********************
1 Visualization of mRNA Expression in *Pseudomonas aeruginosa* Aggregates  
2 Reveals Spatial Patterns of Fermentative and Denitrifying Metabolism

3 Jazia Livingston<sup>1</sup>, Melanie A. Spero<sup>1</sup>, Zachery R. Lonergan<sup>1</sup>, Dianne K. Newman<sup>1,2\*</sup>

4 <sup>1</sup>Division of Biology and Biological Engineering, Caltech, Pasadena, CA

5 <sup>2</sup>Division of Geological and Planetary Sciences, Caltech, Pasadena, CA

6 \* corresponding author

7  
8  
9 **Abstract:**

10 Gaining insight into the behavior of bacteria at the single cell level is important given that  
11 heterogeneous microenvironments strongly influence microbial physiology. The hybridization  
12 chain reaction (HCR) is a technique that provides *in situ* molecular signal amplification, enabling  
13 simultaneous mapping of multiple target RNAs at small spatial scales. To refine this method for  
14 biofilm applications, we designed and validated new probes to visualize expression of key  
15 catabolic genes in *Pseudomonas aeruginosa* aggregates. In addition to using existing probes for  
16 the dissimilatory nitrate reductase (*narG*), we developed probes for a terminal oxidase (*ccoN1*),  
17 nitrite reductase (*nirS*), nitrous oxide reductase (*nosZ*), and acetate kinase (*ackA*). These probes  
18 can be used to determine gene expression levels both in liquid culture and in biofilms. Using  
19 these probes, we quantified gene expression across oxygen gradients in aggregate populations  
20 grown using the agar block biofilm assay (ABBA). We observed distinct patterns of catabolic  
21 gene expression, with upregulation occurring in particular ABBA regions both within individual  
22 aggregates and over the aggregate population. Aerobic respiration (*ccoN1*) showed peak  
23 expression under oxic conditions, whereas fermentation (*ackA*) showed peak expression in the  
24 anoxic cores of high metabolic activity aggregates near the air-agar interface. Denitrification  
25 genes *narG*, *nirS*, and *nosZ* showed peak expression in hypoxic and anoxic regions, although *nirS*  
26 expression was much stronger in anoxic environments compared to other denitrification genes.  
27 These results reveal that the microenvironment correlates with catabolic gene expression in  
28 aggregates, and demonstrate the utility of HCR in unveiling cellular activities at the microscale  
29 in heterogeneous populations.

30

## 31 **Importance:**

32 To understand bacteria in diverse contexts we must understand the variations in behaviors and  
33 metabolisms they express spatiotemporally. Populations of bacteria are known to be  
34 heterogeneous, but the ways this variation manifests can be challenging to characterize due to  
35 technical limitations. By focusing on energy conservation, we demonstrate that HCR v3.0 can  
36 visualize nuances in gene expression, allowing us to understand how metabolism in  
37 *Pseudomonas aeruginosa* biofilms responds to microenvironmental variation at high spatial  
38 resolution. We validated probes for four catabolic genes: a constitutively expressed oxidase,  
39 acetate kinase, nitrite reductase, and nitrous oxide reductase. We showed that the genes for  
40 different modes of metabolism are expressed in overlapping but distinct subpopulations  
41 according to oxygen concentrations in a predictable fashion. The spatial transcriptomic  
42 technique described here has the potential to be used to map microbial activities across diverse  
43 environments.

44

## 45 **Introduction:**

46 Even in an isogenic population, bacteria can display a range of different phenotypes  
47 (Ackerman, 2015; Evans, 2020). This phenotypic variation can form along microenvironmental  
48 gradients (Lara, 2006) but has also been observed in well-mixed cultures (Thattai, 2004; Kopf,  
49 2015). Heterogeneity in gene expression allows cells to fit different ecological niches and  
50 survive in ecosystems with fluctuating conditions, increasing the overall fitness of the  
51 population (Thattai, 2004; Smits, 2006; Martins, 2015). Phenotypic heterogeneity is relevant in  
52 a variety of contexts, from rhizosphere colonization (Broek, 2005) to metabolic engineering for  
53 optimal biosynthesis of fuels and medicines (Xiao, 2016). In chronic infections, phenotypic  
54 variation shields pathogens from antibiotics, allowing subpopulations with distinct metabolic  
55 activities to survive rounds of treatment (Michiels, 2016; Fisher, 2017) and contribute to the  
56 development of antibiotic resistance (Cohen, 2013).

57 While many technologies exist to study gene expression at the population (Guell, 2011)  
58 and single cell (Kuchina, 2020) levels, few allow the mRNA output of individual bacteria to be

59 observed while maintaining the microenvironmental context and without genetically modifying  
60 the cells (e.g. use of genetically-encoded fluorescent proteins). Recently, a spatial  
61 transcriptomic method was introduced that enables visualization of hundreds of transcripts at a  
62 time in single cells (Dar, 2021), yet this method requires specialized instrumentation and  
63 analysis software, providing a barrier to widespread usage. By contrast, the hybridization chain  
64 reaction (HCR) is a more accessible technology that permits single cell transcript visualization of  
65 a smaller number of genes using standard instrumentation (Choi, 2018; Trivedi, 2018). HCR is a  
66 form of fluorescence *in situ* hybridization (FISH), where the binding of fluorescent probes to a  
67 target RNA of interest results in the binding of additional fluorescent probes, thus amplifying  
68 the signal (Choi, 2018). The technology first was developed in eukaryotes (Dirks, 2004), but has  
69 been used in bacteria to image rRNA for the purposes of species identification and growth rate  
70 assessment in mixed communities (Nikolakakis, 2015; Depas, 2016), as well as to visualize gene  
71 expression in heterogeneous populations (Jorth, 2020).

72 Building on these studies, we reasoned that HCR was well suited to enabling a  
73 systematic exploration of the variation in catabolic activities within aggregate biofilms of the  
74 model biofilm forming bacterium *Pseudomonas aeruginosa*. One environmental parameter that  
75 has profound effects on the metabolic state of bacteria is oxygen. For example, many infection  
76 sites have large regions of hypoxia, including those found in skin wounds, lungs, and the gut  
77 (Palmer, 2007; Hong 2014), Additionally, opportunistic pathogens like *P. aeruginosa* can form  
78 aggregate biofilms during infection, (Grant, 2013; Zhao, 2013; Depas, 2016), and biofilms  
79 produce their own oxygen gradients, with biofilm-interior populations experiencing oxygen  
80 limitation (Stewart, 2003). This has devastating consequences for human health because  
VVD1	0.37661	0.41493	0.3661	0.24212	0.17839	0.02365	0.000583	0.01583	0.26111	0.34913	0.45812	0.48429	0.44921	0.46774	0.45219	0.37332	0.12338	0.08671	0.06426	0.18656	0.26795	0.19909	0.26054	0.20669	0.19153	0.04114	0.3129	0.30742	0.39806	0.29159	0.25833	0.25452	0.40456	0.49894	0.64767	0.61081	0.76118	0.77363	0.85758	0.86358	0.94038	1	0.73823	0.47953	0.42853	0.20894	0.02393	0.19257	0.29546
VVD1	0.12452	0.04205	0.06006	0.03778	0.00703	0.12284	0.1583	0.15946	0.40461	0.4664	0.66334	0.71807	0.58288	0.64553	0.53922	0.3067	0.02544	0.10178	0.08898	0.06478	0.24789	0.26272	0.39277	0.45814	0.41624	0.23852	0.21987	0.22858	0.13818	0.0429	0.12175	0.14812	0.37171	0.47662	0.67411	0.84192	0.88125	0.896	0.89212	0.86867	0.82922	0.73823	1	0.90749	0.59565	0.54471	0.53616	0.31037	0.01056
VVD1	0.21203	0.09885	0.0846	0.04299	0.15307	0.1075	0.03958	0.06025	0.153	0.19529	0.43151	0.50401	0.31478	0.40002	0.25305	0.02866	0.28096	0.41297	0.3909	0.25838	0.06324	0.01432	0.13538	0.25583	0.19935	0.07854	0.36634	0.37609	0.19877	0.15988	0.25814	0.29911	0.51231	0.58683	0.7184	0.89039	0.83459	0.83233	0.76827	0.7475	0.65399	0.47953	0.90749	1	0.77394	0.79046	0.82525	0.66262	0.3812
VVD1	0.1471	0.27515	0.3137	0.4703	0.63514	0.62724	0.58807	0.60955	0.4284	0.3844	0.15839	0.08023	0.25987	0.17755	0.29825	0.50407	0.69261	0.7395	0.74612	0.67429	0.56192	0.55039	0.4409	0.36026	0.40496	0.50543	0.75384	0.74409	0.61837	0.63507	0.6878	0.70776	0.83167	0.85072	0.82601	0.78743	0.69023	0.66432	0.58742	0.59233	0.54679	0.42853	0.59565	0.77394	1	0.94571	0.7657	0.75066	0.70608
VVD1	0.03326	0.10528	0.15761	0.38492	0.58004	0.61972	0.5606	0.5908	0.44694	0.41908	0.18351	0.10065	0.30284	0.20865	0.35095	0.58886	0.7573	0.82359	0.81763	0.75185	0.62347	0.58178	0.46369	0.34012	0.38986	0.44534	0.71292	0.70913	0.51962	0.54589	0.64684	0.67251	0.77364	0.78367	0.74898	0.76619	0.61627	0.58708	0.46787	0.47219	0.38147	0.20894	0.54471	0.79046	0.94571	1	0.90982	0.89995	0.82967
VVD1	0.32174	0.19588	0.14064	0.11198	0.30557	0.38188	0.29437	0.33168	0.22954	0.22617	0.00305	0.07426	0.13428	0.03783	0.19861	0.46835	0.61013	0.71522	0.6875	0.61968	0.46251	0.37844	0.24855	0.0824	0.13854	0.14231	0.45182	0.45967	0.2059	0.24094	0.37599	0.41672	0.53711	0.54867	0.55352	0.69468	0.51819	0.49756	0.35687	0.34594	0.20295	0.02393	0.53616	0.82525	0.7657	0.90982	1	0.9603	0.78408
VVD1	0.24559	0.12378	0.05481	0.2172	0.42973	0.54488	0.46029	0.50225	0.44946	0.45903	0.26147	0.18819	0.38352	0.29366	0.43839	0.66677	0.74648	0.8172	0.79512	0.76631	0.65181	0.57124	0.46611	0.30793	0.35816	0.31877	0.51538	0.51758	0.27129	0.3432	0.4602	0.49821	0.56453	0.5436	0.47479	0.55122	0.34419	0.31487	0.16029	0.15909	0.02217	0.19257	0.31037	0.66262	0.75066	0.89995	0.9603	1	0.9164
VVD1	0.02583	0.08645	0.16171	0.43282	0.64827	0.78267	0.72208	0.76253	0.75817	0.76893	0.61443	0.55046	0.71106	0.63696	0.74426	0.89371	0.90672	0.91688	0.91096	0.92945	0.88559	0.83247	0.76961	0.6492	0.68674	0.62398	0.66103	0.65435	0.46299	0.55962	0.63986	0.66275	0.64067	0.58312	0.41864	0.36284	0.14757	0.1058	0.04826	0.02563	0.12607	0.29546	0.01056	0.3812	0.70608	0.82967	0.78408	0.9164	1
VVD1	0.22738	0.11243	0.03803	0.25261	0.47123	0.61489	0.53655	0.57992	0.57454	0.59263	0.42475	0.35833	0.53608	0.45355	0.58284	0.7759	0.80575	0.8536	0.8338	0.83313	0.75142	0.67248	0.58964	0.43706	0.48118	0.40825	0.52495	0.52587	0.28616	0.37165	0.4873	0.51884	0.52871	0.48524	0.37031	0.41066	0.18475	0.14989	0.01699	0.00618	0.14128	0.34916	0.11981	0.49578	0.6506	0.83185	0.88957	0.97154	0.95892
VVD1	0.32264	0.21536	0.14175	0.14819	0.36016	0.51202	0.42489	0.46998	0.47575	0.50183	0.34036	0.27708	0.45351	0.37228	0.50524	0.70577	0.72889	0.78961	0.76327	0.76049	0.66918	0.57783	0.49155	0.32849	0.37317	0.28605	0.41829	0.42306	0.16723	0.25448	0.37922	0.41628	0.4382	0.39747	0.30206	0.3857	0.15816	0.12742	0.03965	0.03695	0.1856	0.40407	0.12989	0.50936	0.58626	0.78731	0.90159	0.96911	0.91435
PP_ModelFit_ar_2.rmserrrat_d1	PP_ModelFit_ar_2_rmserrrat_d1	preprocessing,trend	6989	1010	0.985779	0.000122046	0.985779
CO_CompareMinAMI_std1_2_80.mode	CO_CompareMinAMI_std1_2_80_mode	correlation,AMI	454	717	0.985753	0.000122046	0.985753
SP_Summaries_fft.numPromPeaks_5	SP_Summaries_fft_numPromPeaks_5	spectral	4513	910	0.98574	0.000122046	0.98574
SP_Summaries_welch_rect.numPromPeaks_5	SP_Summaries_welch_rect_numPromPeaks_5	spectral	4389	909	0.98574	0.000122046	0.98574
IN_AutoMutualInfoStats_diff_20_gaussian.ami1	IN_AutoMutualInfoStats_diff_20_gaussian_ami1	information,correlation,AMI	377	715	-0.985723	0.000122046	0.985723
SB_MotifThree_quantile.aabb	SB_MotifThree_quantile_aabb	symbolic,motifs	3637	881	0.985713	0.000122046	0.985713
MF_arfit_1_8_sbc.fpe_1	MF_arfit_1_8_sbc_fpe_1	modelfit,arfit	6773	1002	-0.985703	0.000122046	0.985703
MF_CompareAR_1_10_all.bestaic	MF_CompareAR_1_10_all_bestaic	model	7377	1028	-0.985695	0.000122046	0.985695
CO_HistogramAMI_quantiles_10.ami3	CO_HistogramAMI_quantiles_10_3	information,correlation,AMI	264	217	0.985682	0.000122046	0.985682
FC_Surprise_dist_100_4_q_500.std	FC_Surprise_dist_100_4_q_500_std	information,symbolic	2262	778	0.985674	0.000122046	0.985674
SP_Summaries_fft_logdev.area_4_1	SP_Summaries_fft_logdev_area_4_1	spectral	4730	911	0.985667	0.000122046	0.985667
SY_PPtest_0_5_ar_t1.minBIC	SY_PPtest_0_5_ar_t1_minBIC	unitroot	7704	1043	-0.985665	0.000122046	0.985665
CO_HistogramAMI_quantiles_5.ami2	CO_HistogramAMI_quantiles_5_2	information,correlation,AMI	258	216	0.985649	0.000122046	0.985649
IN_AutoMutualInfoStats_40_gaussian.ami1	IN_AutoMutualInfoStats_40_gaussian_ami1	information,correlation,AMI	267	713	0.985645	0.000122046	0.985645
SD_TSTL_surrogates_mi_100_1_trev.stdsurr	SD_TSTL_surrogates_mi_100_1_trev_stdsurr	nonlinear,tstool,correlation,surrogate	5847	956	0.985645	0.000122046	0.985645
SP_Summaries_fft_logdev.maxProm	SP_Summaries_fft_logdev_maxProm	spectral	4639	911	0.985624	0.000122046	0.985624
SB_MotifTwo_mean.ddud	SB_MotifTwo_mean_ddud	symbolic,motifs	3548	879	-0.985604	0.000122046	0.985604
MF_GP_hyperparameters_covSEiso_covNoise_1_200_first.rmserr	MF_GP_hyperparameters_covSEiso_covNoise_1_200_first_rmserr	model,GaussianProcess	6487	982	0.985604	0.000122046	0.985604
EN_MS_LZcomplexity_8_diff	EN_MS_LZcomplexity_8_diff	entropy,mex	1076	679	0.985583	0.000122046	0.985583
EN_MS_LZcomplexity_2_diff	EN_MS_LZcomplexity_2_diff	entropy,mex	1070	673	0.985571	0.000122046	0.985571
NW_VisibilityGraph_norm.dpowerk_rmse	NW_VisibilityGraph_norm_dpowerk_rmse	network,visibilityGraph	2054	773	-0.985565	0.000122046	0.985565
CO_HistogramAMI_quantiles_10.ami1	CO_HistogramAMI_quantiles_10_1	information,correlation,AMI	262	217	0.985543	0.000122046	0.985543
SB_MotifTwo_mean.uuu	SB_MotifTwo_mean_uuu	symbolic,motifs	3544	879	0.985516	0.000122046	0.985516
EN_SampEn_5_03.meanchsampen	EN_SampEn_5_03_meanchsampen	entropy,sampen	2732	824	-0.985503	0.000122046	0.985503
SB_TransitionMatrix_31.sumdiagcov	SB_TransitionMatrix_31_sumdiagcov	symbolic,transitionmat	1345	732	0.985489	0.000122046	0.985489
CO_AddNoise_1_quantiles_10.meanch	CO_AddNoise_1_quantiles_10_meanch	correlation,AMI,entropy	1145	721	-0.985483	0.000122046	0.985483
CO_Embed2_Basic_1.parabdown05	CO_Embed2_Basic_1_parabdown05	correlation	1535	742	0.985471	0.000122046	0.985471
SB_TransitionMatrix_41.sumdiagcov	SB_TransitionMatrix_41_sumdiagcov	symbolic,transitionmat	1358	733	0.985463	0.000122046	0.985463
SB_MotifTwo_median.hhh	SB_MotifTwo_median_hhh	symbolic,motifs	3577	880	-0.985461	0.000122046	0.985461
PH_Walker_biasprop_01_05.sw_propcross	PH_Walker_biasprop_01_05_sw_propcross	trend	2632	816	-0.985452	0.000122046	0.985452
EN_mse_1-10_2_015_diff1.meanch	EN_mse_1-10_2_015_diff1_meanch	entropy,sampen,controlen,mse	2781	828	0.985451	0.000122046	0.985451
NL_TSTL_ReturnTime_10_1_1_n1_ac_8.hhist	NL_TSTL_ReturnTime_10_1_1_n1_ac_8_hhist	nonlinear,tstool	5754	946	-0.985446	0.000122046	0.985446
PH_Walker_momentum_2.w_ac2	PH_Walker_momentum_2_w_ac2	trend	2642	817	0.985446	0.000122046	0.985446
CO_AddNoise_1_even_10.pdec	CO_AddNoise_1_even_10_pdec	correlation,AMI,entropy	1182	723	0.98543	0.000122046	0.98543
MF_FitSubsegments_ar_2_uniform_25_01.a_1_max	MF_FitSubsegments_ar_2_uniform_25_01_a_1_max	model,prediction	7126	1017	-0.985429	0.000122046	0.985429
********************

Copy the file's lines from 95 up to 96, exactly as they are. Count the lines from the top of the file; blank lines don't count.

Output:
IN_AutoMutualInfoStats_diff_20_gaussian.ami1	IN_AutoMutualInfoStats_diff_20_gaussian_ami1	information,correlation,AMI	377	715	-0.985723	0.000122046	0.985723
SB_MotifThree_quantile.aabb	SB_MotifThree_quantile_aabb	symbolic,motifs	3637	881	0.985713	0.000122046	0.985713